Heating Up Business: The Idaho HVAC Contractor Bond ($2,000)

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Introduction

In the heart of the Gem State, where four distinct seasons make climate control essential, the role of Heating, Ventilation, and Air Conditioning (HVAC) contractors is paramount. Whether it’s keeping homes warm in the winter or cool in the summer, HVAC professionals ensure that residents remain comfortable year-round. To guarantee that HVAC contractors adhere to industry regulations and provide quality services, the state of Idaho requires the Idaho HVAC Contractor Bond ($2,000). In this article, we’ll explore the significance of this bond, its requirements, and its role in ensuring the climate control needs of Idahoans are met.

The Purpose of the HVAC Contractor Bond

Idaho - HVAC Contractor ($2,000) Bond

The Idaho HVAC Contractor Bond ($2,000) serves as a financial safeguard, ensuring that HVAC contractors follow state regulations, uphold industry standards, and fulfill their contractual obligations. Its primary purpose is to protect the interests of consumers by providing financial recourse in case of contractor misconduct, non-compliance with regulations, or failure to complete contracted work.

Understanding the Bond Amount

The bond amount for HVAC contractors in Idaho is set at $2,000. This amount is carefully calculated to cover potential losses resulting from contractor non-compliance, project abandonment, or financial liabilities associated with subpar HVAC services. The bond amount underscores the financial commitment required to operate responsibly and provide reliable HVAC services.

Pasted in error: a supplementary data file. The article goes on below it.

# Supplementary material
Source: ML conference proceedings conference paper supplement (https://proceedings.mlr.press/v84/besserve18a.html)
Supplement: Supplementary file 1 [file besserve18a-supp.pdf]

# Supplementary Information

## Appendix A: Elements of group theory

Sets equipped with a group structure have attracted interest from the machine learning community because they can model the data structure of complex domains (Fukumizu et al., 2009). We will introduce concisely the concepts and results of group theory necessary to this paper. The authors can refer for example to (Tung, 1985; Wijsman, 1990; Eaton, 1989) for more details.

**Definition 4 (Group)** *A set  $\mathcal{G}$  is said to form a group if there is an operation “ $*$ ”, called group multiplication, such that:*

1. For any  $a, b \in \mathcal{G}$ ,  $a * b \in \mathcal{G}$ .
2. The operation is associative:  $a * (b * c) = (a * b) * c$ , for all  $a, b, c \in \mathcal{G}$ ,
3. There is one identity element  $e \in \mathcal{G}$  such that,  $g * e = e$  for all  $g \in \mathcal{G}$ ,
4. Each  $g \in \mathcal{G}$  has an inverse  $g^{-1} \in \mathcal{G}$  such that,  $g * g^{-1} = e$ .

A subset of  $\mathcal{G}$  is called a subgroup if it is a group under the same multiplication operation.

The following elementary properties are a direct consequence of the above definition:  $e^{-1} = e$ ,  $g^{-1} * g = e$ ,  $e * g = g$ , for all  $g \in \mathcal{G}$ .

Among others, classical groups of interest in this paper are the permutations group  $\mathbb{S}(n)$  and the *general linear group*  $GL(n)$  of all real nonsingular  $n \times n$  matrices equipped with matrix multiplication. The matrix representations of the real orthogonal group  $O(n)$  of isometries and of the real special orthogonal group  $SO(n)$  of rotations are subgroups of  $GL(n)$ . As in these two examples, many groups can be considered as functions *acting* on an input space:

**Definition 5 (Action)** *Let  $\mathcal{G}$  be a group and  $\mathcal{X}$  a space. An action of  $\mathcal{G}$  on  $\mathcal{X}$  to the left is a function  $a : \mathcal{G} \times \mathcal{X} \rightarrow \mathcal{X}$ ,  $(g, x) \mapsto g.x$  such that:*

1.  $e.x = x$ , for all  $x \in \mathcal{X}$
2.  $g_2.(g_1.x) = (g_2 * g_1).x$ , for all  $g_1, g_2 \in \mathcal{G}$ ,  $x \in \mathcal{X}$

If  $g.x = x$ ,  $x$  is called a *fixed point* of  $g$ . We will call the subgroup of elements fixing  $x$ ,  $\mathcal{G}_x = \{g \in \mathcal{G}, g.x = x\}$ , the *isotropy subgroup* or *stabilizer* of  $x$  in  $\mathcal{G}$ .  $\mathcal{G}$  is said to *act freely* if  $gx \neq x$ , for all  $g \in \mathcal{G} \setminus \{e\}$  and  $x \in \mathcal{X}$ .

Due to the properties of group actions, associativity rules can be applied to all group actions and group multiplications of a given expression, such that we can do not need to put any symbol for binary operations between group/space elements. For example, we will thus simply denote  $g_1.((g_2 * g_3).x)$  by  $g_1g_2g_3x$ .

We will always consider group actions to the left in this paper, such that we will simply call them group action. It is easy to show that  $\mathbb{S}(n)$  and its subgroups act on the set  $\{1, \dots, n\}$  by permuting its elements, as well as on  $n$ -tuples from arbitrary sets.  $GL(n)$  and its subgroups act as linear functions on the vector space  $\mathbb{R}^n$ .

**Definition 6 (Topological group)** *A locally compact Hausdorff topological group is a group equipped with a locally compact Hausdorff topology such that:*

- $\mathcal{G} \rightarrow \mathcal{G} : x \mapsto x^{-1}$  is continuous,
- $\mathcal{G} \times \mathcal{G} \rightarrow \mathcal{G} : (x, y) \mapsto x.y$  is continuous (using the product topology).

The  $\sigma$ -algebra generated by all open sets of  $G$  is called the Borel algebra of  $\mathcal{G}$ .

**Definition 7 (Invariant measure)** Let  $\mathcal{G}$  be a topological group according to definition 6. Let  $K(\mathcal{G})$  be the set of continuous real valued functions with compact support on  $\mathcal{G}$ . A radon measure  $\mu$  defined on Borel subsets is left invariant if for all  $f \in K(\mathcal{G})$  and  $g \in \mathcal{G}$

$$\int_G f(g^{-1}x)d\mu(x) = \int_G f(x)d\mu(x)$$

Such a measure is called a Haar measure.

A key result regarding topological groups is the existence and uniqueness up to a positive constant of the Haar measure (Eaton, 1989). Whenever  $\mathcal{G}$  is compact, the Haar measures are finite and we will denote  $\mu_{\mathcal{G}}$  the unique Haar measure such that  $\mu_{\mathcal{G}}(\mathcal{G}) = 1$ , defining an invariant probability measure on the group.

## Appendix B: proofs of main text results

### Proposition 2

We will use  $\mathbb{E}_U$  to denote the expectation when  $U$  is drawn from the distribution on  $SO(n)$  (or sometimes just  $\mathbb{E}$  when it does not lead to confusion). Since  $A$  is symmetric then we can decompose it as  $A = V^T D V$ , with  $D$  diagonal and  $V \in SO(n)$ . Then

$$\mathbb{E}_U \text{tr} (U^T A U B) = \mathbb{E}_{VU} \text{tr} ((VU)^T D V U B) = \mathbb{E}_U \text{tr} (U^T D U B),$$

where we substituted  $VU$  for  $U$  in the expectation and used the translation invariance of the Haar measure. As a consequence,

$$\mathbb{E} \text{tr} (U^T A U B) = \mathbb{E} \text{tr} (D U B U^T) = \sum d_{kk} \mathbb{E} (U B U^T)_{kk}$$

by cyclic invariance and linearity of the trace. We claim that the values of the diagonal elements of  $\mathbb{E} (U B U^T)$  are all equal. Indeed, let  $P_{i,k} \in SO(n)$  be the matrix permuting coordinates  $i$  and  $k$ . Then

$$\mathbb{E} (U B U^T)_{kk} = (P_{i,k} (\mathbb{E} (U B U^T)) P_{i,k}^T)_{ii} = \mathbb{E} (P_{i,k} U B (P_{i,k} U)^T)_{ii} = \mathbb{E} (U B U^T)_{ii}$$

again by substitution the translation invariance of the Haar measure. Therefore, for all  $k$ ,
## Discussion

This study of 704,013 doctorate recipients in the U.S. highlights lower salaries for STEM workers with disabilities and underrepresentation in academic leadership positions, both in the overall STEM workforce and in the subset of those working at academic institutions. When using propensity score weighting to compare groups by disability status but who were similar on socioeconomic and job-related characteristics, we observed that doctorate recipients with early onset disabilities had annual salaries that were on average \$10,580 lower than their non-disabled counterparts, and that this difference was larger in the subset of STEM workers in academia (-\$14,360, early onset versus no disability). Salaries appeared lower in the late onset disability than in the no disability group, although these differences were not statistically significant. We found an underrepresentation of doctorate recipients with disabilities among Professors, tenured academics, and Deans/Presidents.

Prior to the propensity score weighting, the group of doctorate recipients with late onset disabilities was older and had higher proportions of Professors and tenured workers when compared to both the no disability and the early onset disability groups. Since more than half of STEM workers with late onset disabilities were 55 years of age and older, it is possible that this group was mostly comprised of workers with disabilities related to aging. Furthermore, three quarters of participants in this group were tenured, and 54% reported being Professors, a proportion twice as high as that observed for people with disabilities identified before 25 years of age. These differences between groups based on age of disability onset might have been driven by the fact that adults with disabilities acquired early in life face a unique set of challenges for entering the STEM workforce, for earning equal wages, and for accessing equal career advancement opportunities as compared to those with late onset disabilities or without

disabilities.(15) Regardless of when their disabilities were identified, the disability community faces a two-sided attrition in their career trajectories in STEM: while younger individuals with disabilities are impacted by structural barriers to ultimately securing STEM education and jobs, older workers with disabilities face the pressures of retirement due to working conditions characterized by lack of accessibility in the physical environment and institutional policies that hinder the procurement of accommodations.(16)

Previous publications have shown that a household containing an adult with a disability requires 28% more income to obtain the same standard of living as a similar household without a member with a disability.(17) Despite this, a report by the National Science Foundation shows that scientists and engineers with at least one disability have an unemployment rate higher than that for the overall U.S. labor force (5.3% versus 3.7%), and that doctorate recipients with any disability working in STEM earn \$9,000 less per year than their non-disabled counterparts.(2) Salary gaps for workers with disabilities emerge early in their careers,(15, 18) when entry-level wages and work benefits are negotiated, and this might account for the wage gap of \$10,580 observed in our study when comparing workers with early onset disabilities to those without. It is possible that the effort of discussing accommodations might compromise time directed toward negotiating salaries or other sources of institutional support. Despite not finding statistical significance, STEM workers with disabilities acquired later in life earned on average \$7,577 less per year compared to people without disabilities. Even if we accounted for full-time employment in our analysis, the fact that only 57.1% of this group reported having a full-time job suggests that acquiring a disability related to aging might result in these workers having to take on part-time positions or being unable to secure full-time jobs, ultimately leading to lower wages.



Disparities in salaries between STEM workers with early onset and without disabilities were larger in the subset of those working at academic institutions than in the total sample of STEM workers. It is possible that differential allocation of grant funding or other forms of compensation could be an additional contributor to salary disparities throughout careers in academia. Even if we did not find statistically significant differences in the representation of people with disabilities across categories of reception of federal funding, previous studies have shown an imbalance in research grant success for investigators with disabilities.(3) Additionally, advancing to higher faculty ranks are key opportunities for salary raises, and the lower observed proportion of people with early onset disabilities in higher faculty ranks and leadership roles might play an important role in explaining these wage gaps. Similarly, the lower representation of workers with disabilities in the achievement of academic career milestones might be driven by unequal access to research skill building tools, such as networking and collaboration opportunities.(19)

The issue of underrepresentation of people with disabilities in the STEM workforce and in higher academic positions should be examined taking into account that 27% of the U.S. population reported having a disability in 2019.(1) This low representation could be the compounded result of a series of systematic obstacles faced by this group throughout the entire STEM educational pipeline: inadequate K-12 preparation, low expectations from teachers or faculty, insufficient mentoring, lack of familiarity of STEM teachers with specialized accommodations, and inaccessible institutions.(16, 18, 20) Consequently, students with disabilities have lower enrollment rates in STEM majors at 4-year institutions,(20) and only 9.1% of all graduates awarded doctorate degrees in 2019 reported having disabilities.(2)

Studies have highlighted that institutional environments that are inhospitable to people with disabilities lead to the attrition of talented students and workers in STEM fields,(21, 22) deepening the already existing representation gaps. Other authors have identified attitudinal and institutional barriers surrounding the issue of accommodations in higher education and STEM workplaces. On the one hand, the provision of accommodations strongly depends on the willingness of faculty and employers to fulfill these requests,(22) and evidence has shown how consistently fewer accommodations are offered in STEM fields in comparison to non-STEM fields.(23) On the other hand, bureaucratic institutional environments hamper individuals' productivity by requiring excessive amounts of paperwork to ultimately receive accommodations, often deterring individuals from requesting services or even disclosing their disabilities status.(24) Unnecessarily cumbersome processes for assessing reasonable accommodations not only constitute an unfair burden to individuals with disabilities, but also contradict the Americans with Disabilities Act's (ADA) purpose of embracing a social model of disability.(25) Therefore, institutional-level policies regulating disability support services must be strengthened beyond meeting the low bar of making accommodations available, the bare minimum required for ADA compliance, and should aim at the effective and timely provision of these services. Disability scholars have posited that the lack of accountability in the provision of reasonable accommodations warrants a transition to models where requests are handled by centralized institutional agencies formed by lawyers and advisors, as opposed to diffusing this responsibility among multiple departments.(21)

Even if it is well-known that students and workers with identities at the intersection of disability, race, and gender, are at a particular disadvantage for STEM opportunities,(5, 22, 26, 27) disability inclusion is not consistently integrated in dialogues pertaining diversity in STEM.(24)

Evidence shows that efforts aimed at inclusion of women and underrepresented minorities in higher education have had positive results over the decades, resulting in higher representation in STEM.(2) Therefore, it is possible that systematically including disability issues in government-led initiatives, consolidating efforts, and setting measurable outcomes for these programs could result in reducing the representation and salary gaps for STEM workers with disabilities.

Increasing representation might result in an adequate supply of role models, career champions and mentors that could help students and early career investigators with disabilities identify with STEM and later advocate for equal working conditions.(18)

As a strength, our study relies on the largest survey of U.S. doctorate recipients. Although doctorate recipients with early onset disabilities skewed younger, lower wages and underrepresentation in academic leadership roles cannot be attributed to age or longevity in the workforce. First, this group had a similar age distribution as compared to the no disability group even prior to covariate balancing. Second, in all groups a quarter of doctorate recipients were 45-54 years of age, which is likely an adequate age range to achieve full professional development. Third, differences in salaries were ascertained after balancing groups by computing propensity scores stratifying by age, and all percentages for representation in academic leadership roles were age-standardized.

Who Needs the Bond?

Idaho - HVAC Contractor ($2,000) Bond

HVAC contractors operating in Idaho are typically required to secure the HVAC Contractor Bond. This requirement applies to individuals and businesses engaged in HVAC installation, repair, maintenance, and related services. It emphasizes the state’s commitment to regulating the HVAC industry, protecting consumer interests, and ensuring ethical business practices.

Navigating the Application Process

Obtaining the HVAC Contractor Bond is an essential step for HVAC professionals in Idaho. Contractors can acquire this bond through licensed surety bond providers. The application process typically involves providing details about the HVAC business, financial information, and paying the bond premium based on the bond amount. Once approved, the bond is issued, enabling the HVAC contractor to operate while adhering to state regulations and fulfilling contractual obligations.

Implications of Non-Compliance

Failure to adhere to the requirements of the HVAC Contractor Bond can have serious consequences for contractors in Idaho. Beyond potential legal repercussions, contractors may be liable for financial damages, penalties, or legal actions resulting from violations of state regulations, incomplete projects, or contract disputes with clients. The bond serves as a reminder of the importance of ethical business conduct, adherence to industry standards, and client satisfaction.

Conclusion